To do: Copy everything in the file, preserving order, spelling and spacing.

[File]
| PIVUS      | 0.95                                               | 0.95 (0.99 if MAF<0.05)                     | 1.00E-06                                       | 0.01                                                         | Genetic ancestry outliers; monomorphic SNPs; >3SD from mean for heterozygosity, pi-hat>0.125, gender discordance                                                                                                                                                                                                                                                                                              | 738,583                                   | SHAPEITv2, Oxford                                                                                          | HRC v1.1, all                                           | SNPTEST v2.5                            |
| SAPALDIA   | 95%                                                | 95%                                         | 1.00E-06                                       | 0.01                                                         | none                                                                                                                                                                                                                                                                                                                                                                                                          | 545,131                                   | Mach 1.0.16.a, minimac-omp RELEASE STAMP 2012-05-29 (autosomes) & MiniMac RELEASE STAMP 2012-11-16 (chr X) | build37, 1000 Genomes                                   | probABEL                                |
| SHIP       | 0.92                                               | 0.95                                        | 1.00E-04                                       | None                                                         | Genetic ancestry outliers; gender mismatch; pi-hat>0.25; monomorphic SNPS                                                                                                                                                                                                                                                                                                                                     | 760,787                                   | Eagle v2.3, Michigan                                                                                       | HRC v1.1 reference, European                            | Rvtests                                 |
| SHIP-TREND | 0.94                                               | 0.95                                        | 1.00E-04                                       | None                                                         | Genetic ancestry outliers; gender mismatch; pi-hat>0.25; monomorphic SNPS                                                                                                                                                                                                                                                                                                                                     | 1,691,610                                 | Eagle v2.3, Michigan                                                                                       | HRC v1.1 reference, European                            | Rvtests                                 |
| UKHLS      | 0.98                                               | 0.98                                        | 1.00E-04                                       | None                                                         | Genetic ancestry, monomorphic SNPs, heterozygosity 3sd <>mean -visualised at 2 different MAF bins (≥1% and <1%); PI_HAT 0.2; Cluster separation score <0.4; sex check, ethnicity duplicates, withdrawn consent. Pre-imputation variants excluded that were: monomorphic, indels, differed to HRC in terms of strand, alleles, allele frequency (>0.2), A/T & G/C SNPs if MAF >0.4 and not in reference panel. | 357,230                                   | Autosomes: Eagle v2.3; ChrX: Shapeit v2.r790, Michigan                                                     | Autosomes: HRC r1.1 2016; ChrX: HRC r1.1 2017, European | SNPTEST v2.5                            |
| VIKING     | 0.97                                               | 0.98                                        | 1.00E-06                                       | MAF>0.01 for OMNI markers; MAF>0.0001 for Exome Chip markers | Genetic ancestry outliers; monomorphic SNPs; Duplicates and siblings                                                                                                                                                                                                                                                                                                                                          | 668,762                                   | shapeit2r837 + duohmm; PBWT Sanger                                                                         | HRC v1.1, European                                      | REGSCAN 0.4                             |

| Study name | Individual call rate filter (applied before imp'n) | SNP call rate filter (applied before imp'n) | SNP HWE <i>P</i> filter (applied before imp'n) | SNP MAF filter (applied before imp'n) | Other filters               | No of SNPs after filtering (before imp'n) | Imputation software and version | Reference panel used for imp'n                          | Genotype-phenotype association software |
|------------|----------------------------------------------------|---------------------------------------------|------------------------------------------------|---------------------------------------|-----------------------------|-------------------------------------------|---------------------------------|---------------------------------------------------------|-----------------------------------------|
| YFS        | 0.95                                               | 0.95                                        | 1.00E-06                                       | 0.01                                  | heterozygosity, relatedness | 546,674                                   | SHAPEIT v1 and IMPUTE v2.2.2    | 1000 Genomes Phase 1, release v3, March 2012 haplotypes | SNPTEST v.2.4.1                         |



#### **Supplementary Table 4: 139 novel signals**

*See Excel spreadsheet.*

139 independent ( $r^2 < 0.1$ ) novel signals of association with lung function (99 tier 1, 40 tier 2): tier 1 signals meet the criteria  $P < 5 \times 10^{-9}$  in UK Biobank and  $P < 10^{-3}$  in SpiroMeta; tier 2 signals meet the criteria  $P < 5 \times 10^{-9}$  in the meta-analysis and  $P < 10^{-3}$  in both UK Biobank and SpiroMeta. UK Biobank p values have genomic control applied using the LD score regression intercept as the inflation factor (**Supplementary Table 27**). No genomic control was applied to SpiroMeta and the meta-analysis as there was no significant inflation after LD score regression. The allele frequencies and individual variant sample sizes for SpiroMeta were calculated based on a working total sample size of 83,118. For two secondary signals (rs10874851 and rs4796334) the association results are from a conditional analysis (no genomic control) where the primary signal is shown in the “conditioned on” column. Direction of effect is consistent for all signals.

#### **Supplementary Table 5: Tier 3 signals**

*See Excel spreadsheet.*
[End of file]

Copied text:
| PIVUS      | 0.95                                               | 0.95 (0.99 if MAF<0.05)                     | 1.00E-06                                       | 0.01                                                         | Genetic ancestry outliers; monomorphic SNPs; >3SD from mean for heterozygosity, pi-hat>0.125, gender discordance                                                                                                                                                                                                                                                                                              | 738,583                                   | SHAPEITv2, Oxford                                                                                          | HRC v1.1, all                                           | SNPTEST v2.5                            |
| SAPALDIA   | 95%                                                | 95%                                         | 1.00E-06                                       | 0.01                                                         | none                                                                                                                                                                                                                                                                                                                                                                                                          | 545,131                                   | Mach 1.0.16.a, minimac-omp RELEASE STAMP 2012-05-29 (autosomes) & MiniMac RELEASE STAMP 2012-11-16 (chr X) | build37, 1000 Genomes                                   | probABEL                                |
| SHIP       | 0.92                                               | 0.95                                        | 1.00E-04                                       | None                                                         | Genetic ancestry outliers; gender mismatch; pi-hat>0.25; monomorphic SNPS                                                                                                                                                                                                                                                                                                                                     | 760,787                                   | Eagle v2.3, Michigan                                                                                       | HRC v1.1 reference, European                            | Rvtests                                 |
| SHIP-TREND | 0.94                                               | 0.95                                        | 1.00E-04                                       | None                                                         | Genetic ancestry outliers; gender mismatch; pi-hat>0.25; monomorphic SNPS                                                                                                                                                                                                                                                                                                                                     | 1,691,610                                 | Eagle v2.3, Michigan                                                                                       | HRC v1.1 reference, European                            | Rvtests                                 |
| UKHLS      | 0.98                                               | 0.98                                        | 1.00E-04                                       | None                                                         | Genetic ancestry, monomorphic SNPs, heterozygosity 3sd <>mean -visualised at 2 different MAF bins (≥1% and <1%); PI_HAT 0.2; Cluster separation score <0.4; sex check, ethnicity duplicates, withdrawn consent. Pre-imputation variants excluded that were: monomorphic, indels, differed to HRC in terms of strand, alleles, allele frequency (>0.2), A/T & G/C SNPs if MAF >0.4 and not in reference panel. | 357,230                                   | Autosomes: Eagle v2.3; ChrX: Shapeit v2.r790, Michigan                                                     | Autosomes: HRC r1.1 2016; ChrX: HRC r1.1 2017, European | SNPTEST v2.5                            |
| VIKING     | 0.97                                               | 0.98                                        | 1.00E-06                                       | MAF>0.01 for OMNI markers; MAF>0.0001 for Exome Chip markers | Genetic ancestry outliers; monomorphic SNPs; Duplicates and siblings                                                                                                                                                                                                                                                                                                                                          | 668,762                                   | shapeit2r837 + duohmm; PBWT Sanger                                                                         | HRC v1.1, European                                      | REGSCAN 0.4                             |

| Study name | Individual call rate filter (applied before imp'n) | SNP call rate filter (applied before imp'n) | SNP HWE <i>P</i> filter (applied before imp'n) | SNP MAF filter (applied before imp'n) | Other filters               | No of SNPs after filtering (before imp'n) | Imputation software and version | Reference panel used for imp'n                          | Genotype-phenotype association software |
|------------|----------------------------------------------------|---------------------------------------------|------------------------------------------------|---------------------------------------|-----------------------------|-------------------------------------------|---------------------------------|---------------------------------------------------------|-----------------------------------------|
| YFS        | 0.95                                               | 0.95                                        | 1.00E-06                                       | 0.01                                  | heterozygosity, relatedness | 546,674                                   | SHAPEIT v1 and IMPUTE v2.2.2    | 1000 Genomes Phase 1, release v3, March 2012 haplotypes | SNPTEST v.2.4.1                         |



#### **Supplementary Table 4: 139 novel signals**

*See Excel spreadsheet.*

139 independent ( $r^2 < 0.1$ ) novel signals of association with lung function (99 tier 1, 40 tier 2): tier 1 signals meet the criteria  $P < 5 \times 10^{-9}$  in UK Biobank and  $P < 10^{-3}$  in SpiroMeta; tier 2 signals meet the criteria  $P < 5 \times 10^{-9}$  in the meta-analysis and  $P < 10^{-3}$  in both UK Biobank and SpiroMeta. UK Biobank p values have genomic control applied using the LD score regression intercept as the inflation factor (**Supplementary Table 27**). No genomic control was applied to SpiroMeta and the meta-analysis as there was no significant inflation after LD score regression. The allele frequencies and individual variant sample sizes for SpiroMeta were calculated based on a working total sample size of 83,118. For two secondary signals (rs10874851 and rs4796334) the association results are from a conditional analysis (no genomic control) where the primary signal is shown in the “conditioned on” column. Direction of effect is consistent for all signals.

#### **Supplementary Table 5: Tier 3 signals**

*See Excel spreadsheet.*